Wednesday, June 13, 2012

LBJ's Barbecue Diplomacy and a Brief History of Father's Day

Some historians say that the origins of Father’s Day in the United States can be traced to a young woman by the name of Sonora Smart Dodd, who reportedly came up with the idea while listening to a Mother’s Day sermon in Spokane, Washington in 1909. Raised by her widowed father, a Civil War veteran who had lost his wife after the birth of their sixth child, Sonora felt that her father should be honored in the same way that mothers were on Mother’s Day.   

Toward that end, a special Father’s Day observance was held on June 19, 1910. Although that celebration was a local affair, the idea of a national Father’s Day picked up steam when it was endorsed by President Calvin Coolidge in 1924, but it would take another thirty years before Father’s Day was recognized by a Joint Resolution of Congress. Then, in 1966, the first proclamation honoring fathers was issued by President Lyndon Johnson, who designated the third Sunday in June as Father's Day.

Today, of course, Americans celebrate Father's Day in a wide variety of ways, with perhaps the most traditional festivity being an old-fashioned, American-style barbecue. seems only fitting this week to honor LBJ, who was well-known for his love of down-home, country barbecues at his beloved family ranch in Gillespie County, Texas.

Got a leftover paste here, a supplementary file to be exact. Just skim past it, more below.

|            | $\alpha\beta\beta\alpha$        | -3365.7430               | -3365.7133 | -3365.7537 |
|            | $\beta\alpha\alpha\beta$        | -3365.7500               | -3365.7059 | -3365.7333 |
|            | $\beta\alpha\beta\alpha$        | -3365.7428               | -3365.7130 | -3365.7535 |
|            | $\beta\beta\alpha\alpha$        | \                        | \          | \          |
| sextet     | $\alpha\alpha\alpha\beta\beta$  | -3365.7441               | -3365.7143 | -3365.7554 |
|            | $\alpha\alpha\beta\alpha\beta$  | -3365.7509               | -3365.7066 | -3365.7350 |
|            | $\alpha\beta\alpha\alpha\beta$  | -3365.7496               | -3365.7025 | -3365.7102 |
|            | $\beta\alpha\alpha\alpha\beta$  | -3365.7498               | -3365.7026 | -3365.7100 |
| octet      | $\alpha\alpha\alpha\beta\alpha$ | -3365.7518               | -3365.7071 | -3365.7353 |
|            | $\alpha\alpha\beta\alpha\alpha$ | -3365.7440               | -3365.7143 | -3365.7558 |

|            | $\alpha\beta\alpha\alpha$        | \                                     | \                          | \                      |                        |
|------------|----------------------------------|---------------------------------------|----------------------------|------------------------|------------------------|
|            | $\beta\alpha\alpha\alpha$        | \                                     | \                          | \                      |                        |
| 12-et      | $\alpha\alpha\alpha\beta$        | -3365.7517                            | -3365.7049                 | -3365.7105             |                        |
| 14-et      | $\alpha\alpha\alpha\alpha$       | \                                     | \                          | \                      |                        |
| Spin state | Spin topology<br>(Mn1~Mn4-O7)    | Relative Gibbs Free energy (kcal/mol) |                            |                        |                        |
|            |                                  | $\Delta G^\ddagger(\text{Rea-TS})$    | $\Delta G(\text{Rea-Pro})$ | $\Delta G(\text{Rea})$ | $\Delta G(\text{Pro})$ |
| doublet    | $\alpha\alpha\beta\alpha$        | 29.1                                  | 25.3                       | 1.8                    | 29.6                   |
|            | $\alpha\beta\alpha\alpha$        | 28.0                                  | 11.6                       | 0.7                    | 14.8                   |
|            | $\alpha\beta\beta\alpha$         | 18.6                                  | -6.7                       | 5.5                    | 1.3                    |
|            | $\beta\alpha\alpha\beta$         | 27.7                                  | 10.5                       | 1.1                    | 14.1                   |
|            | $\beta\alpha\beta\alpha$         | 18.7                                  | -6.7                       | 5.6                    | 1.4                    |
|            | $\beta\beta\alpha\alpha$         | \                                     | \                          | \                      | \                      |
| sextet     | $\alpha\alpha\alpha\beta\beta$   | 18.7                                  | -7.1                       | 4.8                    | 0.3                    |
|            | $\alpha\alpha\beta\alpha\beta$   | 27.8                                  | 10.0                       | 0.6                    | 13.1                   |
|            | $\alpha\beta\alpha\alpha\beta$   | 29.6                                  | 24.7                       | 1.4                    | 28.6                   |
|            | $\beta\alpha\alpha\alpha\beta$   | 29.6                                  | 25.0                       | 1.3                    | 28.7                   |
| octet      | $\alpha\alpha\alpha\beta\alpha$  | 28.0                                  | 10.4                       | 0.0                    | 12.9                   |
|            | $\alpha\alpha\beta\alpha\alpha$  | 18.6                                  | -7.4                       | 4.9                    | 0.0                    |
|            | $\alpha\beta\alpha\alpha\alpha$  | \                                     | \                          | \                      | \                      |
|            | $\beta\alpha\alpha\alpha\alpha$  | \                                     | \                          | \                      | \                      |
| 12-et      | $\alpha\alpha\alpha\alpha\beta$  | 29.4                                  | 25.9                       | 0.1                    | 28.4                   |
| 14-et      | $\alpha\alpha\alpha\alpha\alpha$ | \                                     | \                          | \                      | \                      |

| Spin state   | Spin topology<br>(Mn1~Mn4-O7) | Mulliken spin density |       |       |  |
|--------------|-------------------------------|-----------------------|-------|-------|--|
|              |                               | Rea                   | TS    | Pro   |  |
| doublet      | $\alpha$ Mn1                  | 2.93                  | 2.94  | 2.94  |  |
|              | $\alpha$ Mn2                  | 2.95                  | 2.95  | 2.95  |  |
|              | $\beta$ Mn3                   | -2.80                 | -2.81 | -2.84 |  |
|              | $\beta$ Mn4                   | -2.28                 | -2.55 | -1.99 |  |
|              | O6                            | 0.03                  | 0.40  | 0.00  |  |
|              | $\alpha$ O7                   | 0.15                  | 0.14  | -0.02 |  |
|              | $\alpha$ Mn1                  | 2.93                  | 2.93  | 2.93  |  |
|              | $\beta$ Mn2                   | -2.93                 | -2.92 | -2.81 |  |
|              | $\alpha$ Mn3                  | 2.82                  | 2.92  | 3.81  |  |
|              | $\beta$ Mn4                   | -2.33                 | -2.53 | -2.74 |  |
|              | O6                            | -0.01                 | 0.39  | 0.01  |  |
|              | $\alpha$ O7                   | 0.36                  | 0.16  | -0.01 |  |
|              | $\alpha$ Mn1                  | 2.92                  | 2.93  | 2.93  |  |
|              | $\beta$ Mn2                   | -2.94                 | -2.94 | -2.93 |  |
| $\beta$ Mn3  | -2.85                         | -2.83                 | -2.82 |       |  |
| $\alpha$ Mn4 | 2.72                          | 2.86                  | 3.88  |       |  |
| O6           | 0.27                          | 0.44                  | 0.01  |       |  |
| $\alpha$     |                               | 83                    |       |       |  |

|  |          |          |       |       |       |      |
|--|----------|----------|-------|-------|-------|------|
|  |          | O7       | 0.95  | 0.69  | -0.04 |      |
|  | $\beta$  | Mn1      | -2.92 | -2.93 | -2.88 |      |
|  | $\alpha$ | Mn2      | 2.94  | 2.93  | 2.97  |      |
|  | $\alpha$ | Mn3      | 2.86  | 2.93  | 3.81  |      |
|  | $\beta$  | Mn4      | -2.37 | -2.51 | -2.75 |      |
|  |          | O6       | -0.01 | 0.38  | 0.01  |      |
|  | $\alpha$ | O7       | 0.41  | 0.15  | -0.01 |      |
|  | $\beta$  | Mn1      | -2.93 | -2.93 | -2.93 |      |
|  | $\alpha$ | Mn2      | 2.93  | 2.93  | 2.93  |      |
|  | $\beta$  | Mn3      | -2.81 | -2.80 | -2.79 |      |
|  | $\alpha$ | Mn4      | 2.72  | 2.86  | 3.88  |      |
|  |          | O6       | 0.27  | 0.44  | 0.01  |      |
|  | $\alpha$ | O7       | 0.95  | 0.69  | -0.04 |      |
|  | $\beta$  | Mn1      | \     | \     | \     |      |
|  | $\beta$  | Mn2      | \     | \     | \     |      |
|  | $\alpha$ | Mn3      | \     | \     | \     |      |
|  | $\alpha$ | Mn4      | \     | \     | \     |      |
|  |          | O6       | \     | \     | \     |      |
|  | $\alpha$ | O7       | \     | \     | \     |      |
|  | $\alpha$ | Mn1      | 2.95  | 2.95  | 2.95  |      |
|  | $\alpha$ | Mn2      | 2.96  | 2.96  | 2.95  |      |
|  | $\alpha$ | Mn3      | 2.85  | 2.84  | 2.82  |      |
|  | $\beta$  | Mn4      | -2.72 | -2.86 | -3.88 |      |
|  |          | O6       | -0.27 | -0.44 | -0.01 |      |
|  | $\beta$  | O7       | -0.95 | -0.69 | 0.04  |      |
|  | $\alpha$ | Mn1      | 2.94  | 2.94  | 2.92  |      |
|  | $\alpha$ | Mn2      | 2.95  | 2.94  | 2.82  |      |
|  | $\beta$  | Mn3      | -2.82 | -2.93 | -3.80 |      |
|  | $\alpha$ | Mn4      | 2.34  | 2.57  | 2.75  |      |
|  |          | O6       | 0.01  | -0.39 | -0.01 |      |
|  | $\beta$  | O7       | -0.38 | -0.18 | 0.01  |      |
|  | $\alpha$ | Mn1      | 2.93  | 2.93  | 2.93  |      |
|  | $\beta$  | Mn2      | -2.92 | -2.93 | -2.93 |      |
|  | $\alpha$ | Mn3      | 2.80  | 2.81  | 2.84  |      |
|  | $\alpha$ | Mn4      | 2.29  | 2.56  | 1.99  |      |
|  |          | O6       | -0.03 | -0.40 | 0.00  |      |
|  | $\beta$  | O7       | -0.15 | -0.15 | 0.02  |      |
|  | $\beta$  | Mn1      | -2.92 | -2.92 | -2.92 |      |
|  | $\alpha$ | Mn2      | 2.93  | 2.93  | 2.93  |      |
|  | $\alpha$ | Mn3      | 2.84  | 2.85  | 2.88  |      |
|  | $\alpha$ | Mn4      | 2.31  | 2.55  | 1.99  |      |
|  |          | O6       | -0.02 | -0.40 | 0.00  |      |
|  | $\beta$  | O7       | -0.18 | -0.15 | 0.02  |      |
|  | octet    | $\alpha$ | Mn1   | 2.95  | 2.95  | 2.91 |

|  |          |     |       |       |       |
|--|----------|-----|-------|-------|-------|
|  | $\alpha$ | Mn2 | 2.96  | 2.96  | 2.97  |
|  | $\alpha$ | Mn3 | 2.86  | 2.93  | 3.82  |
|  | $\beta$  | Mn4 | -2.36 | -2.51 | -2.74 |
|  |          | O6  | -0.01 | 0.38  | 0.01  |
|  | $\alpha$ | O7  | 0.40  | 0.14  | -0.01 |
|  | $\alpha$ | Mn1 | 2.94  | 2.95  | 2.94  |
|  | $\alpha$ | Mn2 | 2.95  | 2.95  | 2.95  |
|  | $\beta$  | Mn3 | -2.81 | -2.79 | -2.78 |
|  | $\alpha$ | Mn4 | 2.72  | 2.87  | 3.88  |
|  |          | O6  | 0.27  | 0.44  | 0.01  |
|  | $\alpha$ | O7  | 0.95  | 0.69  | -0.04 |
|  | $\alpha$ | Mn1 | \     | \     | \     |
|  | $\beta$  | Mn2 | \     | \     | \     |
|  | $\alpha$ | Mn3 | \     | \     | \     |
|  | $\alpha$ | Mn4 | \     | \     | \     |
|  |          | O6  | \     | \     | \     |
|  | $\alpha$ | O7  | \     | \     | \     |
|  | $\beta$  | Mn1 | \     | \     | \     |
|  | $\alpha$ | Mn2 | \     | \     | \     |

Barbecuing, of course, has been used as a tool in American political campaigns and elections for more than a century, but no politician ever used “the conviviality and informality of cooking and eating outdoors” more than Johnson.” In fact, Johnson's first state dinner was a barbecue for 300 catered by Walter Jetton on December 29, 1963. According to historians:

When his staff realized it would be chilly that day, the sit-down part was moved indoors to Stonewall High School gymnasium, about two miles away. Workers did an admirable job of creating an outdoorsy feel with bales of hay, red lanterns, red-checkered table cloths, saddles, lassos, and mariachis. According to Lady Bird's diary, "there were pinto beans, delicious barbecued spareribs, cole slaw, followed by fried apricot pies with lots of hot coffee. And plenty of beer."

Although those particular recipes may have been lost to posterity, biographers say that some Johnson family favorites included Chipped Beef covered with Cream, Pedernales River Chili, and Beef Stroganoff. And Lady Bird reportedly enjoyed handing out the recipe for her famous homemade Barbecue Sauce.

If you’d like to add a little zip to your Father's Day celebration this weekend, here's her original recipe to try:

¼ cup butter
¼ cup vinegar
¼ cup ketchup
¼ cup fresh lemon juice
¼ cup Worcestershire sauce
Salt, pepper, red pepper flakes, and Tabasco to taste.

Melt butter in a medium sauce pan over medium-high heat. Add other ingredients and bring to a boil. Yields 1 ½ cups.

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